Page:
7. 1916 Standing Liberty Quarter AU58. The Standing Liberty Quarter series is often overlooked in today’s numismatic market. There are many reasons to consider this series, including the stunning beauty of the design, the small number of coins required for a complete set, and reasonable prices (for now) for uncirculated coins. The 1916 Std. Lib. 25c is the key date of the regular series. Its low mintage (estimated at only 52,000) insures its lasting rarity. PCGS has certified 100 coins in AU58, and about 600 in higher grades. Demand for 1916 Std. Lib. 25c has historically been strong, and if this series gets “discovered”, prices could move a lot higher.
8. 1891-S Morgan Silver Dollar MS67. This is a coin that is readily available in lower grades. However, at the MS67 level, the 1891-S is what is called a “condition rarity”. The two main reasons for including this coin on my list of top investments are: 1. Morgan silver dollars are the most popular U.S. coin series for collectors and investors. 2. Morgan dollar collectors are generally condition “fanatics”, and they compete vigorously for the finest-known coins. PCGS currently has certified a total of 7 1891-S dollars as MS67, and none finer. If you enjoy owning the “best”, and appreciate Morgan dollars, then this is a coin to consider.
9. A full set of Lincoln Cents (wheat-back, 1909-1958) MS62. The chief advantage of this investment pick is the amount of collecting pleasure that it can deliver. Most collectors love the “hunt” for the ideal coin, and they also like to “fill holes” in their collection. The Lincoln cent series (with wheat-back reverse) covers 50 years, and most years include coins from three mints (Philadelphia, Denver, and San Francisco). Mint-state coins for all the dates prior to 1930 are legitimately scarce. Only a few of the “key” date coins (1909-S, 1909-S VDB, 1914-D, 1922 plain, 1931-S) cost more than $100 each in MS62. Lincoln cents do not get a lot of “respect” in today’s numismatic market, especially coins that are not full mint-red. This may or may not change in the future. However, a full set of Lincolns in mint-state condition represents a serious collecting challenge, a solid numismatic investment, and an accomplishment that you can be proud of when it is done.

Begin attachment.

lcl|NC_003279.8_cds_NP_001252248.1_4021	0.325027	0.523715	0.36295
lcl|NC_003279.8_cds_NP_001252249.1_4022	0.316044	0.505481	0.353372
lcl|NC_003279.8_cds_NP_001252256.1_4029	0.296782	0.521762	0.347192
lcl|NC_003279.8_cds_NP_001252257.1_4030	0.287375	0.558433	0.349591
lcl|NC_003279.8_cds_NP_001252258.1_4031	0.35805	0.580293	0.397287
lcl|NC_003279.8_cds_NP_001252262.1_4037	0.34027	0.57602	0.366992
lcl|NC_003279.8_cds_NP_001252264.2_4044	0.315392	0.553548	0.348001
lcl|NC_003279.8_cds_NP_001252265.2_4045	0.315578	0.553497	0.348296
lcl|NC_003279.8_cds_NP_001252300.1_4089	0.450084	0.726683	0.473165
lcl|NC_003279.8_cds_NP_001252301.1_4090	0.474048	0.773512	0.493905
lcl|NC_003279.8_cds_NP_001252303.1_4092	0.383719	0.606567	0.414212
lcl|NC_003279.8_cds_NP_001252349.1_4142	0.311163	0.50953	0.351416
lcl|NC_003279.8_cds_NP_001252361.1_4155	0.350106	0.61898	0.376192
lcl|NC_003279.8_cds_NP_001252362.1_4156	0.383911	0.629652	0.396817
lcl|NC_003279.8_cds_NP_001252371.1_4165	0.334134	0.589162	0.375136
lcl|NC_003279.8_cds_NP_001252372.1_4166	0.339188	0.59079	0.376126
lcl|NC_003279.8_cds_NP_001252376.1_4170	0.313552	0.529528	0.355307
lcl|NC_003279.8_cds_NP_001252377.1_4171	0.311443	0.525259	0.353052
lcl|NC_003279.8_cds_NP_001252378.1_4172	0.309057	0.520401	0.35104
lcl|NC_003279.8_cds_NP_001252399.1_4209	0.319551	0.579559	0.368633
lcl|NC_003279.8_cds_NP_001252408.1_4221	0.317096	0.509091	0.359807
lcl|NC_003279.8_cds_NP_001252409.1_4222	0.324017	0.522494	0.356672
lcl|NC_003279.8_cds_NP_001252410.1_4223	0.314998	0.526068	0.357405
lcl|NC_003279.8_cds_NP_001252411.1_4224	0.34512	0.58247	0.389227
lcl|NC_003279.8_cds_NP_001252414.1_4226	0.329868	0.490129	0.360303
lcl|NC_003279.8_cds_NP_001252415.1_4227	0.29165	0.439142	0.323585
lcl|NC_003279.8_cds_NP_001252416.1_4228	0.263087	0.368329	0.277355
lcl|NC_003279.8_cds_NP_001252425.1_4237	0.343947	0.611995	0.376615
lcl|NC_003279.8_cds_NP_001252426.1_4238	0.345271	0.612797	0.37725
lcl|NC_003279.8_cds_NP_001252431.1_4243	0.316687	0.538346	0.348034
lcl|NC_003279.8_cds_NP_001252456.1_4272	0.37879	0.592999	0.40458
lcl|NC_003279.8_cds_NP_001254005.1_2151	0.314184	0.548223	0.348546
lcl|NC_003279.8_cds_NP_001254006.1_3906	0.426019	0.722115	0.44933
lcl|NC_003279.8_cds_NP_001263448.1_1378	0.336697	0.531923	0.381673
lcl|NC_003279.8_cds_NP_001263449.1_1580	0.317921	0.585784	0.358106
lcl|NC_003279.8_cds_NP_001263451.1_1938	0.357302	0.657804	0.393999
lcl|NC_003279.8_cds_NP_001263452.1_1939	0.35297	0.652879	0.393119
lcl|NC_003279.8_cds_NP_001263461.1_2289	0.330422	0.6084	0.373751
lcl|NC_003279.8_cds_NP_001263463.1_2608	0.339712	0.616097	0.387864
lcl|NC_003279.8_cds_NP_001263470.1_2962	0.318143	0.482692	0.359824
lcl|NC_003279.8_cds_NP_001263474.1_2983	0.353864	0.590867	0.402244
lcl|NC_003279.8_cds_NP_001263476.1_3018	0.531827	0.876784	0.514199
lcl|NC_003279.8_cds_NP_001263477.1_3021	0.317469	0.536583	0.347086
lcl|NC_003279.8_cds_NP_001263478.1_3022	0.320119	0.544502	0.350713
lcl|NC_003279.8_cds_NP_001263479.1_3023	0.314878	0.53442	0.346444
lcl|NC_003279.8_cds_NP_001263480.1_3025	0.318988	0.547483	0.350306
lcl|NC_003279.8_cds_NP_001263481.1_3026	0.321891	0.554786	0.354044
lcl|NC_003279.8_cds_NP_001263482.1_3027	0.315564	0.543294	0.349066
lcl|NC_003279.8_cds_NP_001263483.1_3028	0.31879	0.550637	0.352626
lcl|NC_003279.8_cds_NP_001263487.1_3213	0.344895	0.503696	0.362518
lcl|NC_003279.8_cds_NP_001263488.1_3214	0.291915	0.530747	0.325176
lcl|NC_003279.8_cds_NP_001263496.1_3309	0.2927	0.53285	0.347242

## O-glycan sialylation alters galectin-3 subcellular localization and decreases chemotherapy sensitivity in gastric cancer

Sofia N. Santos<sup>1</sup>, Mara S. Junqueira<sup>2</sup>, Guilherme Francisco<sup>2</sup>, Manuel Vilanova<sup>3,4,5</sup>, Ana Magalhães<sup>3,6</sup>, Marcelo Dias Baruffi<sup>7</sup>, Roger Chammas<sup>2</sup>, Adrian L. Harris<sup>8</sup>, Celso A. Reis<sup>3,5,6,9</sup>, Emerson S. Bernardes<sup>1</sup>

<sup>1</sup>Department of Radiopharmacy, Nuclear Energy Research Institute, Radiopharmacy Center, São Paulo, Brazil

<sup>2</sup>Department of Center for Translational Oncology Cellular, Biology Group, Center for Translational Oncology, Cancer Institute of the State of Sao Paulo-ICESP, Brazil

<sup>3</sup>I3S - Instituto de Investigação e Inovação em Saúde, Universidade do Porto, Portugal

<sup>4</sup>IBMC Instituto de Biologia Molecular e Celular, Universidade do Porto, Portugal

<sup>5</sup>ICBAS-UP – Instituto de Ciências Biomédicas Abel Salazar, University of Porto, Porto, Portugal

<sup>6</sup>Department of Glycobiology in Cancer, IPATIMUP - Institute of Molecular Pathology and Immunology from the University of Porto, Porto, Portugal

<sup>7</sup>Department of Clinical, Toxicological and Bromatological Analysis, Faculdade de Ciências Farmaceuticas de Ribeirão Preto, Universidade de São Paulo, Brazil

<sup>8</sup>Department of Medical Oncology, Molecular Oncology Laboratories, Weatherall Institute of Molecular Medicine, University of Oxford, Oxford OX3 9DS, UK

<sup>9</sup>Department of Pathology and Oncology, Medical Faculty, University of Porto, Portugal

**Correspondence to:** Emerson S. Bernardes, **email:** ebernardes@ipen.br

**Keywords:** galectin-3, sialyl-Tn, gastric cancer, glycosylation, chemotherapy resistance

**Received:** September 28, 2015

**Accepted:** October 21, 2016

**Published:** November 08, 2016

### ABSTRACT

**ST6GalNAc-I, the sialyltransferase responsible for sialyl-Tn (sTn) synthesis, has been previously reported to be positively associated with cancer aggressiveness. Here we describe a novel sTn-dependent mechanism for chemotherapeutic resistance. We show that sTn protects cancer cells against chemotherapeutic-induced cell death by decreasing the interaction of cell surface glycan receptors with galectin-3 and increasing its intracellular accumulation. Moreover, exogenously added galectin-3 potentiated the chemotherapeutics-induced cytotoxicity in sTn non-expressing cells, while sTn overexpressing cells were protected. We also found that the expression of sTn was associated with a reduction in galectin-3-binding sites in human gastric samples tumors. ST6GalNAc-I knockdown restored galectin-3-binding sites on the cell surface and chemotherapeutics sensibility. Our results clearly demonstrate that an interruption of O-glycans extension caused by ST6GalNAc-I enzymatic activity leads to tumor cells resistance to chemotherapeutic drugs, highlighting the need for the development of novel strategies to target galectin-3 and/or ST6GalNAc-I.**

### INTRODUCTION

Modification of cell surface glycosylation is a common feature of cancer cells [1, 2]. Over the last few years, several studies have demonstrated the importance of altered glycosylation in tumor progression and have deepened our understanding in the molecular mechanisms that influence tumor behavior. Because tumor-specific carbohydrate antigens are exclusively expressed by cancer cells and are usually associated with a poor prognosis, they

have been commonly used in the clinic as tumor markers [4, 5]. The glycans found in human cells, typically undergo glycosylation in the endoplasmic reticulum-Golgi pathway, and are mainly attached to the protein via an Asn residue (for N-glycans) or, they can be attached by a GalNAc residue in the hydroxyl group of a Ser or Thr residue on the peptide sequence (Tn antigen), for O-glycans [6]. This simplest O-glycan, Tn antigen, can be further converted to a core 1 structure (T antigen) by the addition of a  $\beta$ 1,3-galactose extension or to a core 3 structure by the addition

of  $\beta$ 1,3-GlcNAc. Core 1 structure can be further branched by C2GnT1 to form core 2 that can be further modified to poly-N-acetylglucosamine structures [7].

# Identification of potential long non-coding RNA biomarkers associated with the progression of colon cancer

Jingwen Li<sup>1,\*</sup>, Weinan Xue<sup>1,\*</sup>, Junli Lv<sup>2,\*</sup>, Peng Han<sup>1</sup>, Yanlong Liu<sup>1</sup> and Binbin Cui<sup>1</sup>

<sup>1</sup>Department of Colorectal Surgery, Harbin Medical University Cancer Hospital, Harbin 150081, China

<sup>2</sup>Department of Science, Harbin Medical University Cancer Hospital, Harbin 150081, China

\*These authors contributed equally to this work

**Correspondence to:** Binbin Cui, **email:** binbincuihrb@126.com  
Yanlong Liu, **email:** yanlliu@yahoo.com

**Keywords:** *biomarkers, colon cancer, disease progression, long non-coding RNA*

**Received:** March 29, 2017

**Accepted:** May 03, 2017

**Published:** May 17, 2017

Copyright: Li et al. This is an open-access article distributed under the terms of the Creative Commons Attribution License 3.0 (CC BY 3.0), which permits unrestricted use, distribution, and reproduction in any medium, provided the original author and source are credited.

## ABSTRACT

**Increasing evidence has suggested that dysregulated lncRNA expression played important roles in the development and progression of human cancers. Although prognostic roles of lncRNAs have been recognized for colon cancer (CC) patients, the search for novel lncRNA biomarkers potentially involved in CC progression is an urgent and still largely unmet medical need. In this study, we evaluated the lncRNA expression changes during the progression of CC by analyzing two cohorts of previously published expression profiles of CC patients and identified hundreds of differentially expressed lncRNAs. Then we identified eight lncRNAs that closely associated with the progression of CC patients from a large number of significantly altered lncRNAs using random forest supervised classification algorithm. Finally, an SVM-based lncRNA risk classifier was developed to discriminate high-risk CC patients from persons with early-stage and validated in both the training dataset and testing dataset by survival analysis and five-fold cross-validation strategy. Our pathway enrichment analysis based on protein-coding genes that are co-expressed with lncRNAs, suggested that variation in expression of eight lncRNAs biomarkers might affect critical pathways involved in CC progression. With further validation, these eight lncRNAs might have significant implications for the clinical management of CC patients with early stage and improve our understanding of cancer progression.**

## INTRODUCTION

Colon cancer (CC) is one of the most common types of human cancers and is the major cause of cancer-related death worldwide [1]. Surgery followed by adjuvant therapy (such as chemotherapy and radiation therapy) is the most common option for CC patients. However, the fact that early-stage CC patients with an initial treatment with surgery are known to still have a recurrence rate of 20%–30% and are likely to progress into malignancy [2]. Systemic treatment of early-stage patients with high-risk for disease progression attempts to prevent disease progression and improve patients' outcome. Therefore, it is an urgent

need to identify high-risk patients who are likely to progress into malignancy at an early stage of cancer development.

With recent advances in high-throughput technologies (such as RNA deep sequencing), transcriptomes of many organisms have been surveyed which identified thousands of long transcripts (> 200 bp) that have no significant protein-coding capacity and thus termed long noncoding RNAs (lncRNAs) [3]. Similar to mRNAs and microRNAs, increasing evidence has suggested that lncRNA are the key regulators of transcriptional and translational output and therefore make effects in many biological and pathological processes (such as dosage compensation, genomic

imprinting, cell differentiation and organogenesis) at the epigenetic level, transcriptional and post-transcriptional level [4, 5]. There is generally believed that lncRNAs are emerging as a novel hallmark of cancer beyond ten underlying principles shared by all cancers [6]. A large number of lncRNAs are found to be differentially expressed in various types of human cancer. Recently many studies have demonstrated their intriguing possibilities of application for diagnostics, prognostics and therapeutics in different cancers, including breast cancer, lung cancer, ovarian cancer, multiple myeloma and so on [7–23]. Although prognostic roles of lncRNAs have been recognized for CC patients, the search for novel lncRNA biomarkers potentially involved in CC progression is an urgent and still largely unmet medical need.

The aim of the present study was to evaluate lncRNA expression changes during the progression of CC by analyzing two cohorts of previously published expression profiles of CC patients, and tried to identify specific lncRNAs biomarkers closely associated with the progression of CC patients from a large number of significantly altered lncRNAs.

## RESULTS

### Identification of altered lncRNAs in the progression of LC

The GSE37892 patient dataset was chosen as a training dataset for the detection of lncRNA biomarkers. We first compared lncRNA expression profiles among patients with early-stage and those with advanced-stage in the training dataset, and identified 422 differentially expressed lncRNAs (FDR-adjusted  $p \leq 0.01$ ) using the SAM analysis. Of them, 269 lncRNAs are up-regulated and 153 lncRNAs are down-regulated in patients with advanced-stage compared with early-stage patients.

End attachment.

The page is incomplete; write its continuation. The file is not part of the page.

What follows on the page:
10. 1796 Quarter G. This final recommendation is also a dubious one. The 1796 is a solid numismatic rarity, with a long history of high demand and price appreciation. As a one-year type coin from the 18th century, it is desired by type coin collectors. The reason I call this a dubious recommendation is that $10K in today’s market will only purchase a 1796 25c in Good-4 (G4) condition. This grade is generally too low to be considered desirable, so realistically the coin in this grade does not represent a very good value. There is no certainty that there will be any demand for low-grade 1796 quarters in the future. However, this coin in higher grades (AU or better) is a very desirable item that should hold its value very well for many years.